Clifford was the lead astronaut on something known as The Lima Project. Approximately 30 years prior to the events depicted above, The Lima Project was a mission designed to travel to the farthest reaches of the universe, in the hopes of finding signs of intelligent life somewhere. The last known communiqué came nearly three decades prior, and once contacts went dark, the mission was deemed inconclusive. Clifford and his team were identified as casualties.
Back to the film’s setting, which Gray and co-screenwriter Ethan Gross indicate is “in the near future,” the Federal Government has colonized the Moon and set up launch pads and military outposts on Mars. People travel to the moon routinely, departing as one does every time they take off from an airport. You can have Subway on the moon in this dystopian construct, but also need to protect yourself as lawlessness reigns supreme near the moon’s proverbial dark side.
With each interaction, Roy is solemn, a man of (too) few words, but observant of everything around him. He is routinely subjected to psychological examinations, where he shares his thoughts and emotions into a microphone and an omniscient computer decides whether he has passed or not. His resting blood pressure is consistently low. He seems unflappable.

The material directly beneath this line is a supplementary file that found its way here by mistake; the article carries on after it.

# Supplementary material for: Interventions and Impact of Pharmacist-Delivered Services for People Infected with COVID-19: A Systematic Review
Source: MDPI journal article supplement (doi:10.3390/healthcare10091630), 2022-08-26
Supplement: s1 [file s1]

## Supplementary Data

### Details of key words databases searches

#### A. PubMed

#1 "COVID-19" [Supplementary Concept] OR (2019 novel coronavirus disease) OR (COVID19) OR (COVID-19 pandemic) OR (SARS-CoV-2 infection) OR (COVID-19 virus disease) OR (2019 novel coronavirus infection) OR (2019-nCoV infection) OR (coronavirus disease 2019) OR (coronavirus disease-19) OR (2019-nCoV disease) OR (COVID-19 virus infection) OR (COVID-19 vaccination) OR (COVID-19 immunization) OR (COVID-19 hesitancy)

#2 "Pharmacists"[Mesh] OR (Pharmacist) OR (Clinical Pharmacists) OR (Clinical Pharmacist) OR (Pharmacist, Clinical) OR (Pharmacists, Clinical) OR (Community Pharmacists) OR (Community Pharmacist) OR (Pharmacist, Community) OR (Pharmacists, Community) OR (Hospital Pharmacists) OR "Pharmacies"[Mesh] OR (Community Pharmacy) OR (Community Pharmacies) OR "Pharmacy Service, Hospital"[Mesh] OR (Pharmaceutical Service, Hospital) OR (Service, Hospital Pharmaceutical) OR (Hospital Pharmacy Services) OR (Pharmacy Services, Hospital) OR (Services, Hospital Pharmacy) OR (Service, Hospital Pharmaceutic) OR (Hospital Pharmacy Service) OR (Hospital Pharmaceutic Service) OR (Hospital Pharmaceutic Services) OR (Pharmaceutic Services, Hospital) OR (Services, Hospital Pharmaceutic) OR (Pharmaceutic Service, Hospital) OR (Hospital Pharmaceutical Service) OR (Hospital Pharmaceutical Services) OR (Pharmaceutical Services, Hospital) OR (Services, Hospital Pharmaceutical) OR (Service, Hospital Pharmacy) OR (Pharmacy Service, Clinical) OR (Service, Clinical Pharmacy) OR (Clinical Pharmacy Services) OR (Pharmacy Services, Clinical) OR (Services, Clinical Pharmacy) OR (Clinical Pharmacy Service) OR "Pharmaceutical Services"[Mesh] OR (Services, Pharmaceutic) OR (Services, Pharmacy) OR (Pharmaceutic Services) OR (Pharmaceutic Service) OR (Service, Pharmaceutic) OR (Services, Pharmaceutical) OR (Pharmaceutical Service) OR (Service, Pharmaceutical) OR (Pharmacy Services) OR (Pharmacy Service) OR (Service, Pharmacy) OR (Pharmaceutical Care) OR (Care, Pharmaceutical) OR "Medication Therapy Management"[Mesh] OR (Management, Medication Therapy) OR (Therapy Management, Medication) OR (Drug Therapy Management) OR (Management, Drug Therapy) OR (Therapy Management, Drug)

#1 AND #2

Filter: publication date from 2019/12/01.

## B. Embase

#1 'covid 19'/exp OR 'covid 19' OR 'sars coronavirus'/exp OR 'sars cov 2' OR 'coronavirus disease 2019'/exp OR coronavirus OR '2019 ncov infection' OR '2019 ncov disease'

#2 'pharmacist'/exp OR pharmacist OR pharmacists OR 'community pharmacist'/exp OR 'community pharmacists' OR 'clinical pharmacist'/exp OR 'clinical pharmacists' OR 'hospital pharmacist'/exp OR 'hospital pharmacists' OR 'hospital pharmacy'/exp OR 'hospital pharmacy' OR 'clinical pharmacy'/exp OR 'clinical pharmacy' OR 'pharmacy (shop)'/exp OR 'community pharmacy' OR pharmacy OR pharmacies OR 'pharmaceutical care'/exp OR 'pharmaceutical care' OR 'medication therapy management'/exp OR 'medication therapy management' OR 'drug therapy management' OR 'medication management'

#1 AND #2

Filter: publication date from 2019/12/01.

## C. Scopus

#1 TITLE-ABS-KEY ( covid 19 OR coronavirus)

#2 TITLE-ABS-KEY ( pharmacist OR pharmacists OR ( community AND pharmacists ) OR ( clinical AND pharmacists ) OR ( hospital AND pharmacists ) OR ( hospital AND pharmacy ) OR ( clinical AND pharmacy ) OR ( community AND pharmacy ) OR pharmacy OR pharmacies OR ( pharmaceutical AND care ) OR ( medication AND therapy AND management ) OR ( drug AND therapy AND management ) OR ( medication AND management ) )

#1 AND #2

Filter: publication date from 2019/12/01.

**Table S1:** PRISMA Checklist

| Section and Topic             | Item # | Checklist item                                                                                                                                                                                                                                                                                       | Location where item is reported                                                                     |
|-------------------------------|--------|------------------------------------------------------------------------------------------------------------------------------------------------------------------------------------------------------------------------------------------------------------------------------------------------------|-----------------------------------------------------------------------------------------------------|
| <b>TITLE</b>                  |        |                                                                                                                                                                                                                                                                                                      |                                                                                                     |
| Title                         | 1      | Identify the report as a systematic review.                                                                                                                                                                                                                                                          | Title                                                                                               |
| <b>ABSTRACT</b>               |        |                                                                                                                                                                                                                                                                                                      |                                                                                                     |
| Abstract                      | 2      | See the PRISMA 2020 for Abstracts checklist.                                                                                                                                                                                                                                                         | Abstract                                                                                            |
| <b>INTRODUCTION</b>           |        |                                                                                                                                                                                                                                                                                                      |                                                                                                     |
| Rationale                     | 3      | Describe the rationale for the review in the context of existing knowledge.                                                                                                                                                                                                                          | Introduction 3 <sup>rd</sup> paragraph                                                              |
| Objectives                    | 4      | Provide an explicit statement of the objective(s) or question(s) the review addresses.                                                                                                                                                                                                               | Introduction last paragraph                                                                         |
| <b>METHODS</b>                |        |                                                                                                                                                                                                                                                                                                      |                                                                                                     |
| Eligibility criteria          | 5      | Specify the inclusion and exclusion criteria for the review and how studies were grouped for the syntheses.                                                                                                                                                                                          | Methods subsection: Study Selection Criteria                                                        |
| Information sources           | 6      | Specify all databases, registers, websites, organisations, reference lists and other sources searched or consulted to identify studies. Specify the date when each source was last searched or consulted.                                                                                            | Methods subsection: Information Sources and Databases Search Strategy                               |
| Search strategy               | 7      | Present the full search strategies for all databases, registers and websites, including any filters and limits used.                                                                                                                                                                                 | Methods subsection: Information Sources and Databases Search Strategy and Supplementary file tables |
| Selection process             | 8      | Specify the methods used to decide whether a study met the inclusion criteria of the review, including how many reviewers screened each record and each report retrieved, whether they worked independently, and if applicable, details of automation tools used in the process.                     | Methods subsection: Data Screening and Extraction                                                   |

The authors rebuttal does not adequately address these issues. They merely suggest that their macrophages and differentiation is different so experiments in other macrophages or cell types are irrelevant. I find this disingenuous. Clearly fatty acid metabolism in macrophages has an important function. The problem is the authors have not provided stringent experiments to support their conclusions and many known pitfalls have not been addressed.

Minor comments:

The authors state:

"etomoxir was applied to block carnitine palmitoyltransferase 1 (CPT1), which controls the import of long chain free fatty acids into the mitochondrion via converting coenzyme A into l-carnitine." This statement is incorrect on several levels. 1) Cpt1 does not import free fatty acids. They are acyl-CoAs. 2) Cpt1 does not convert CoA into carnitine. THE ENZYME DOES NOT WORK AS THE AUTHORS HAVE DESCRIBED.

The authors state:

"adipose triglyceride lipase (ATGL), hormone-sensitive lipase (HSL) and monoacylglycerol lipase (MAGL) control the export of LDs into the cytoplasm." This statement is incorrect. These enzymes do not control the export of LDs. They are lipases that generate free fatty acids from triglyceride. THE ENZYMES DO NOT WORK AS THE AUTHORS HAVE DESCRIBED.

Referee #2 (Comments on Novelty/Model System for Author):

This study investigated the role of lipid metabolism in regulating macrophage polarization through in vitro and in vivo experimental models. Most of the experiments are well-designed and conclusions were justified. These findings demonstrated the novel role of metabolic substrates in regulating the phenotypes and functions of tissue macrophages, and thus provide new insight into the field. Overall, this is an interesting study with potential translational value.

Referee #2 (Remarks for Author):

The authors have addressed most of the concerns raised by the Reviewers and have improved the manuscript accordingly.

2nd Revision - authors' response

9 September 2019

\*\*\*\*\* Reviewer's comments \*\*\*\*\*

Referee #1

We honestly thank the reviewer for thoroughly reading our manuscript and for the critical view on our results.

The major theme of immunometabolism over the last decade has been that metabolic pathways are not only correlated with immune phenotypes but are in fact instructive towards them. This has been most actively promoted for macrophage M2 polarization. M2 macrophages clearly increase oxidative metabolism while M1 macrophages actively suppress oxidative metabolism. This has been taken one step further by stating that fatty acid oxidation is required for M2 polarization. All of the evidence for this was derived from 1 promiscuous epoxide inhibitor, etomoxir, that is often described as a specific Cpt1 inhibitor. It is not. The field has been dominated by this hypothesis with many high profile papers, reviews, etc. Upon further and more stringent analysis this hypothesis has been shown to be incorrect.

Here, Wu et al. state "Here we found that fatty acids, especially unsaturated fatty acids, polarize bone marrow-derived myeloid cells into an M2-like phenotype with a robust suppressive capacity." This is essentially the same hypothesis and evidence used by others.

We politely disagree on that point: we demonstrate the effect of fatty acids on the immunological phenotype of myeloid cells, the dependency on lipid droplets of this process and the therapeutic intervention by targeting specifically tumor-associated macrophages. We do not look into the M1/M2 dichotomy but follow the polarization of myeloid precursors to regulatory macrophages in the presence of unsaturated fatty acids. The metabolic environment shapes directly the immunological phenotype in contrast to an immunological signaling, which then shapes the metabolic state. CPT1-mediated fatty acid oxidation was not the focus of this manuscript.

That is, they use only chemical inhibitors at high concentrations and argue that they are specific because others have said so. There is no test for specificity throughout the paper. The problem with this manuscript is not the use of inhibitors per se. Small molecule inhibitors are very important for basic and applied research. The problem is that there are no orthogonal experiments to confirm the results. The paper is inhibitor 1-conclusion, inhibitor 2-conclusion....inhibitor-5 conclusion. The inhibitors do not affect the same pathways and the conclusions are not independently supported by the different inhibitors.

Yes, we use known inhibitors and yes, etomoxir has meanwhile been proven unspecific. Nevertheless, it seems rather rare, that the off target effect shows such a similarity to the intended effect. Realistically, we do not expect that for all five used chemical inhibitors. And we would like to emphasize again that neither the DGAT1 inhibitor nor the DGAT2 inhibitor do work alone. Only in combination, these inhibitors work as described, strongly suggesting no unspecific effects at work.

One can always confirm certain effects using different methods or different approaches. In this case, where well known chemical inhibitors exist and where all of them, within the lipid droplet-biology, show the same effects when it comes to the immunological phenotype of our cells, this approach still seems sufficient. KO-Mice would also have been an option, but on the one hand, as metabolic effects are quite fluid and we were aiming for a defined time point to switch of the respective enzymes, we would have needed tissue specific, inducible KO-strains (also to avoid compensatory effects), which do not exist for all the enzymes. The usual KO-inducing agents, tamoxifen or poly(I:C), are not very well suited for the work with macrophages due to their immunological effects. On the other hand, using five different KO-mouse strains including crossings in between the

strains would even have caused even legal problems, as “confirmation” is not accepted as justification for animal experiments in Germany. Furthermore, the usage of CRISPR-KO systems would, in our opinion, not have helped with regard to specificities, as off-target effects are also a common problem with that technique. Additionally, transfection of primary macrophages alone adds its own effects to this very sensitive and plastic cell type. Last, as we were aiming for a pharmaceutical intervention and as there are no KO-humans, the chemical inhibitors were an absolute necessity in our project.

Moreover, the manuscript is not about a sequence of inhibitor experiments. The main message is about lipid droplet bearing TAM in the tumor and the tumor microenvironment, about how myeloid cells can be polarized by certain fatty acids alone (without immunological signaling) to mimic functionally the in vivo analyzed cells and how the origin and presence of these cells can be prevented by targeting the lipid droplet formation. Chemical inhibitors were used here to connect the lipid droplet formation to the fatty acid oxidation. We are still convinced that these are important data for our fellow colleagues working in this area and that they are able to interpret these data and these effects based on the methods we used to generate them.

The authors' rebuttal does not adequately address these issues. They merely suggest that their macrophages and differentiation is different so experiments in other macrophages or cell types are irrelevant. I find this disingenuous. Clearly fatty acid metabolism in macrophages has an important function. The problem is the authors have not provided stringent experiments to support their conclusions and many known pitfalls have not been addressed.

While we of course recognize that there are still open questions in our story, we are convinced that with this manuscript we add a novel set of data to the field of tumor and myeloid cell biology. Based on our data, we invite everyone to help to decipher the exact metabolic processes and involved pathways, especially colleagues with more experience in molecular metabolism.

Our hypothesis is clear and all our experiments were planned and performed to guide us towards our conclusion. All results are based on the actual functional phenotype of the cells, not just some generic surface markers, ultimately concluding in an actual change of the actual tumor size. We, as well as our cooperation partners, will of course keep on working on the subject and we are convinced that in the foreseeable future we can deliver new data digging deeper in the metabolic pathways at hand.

Gray infuses Roy’s story with voiceover, the uttering of internal thoughts that help us better understand the emotions at play. Surrounding those moments of introspection are scenes enhanced by breathtaking visual effects, often pristine, clear, and incredible renderings of backdrops and landscapes which feel tangible and real. Everything feels believable, from the craters on the moon, to the density of the Red Planet, to the astonishing look of Neptune.
Yet, as we work through Ad Astra, one might begin to wonder what journey we are actually on.
In full disclosure, much of this feels pretty grim. Death is seemingly ready to strike at any moment, even when you least anticipate it. On the one hand, death is a major influence on Roy’s thoughts and emotions beyond his father’s absence all of these years. A failed marriage to Eve (Liv Tyler, in little more than a cameo) represents a death. A shocking turn of events later in the film puts death right in front of Roy. And there is something clever and powerful about acknowledging that death is an inescapable reality no matter where you may find yourself within the universe.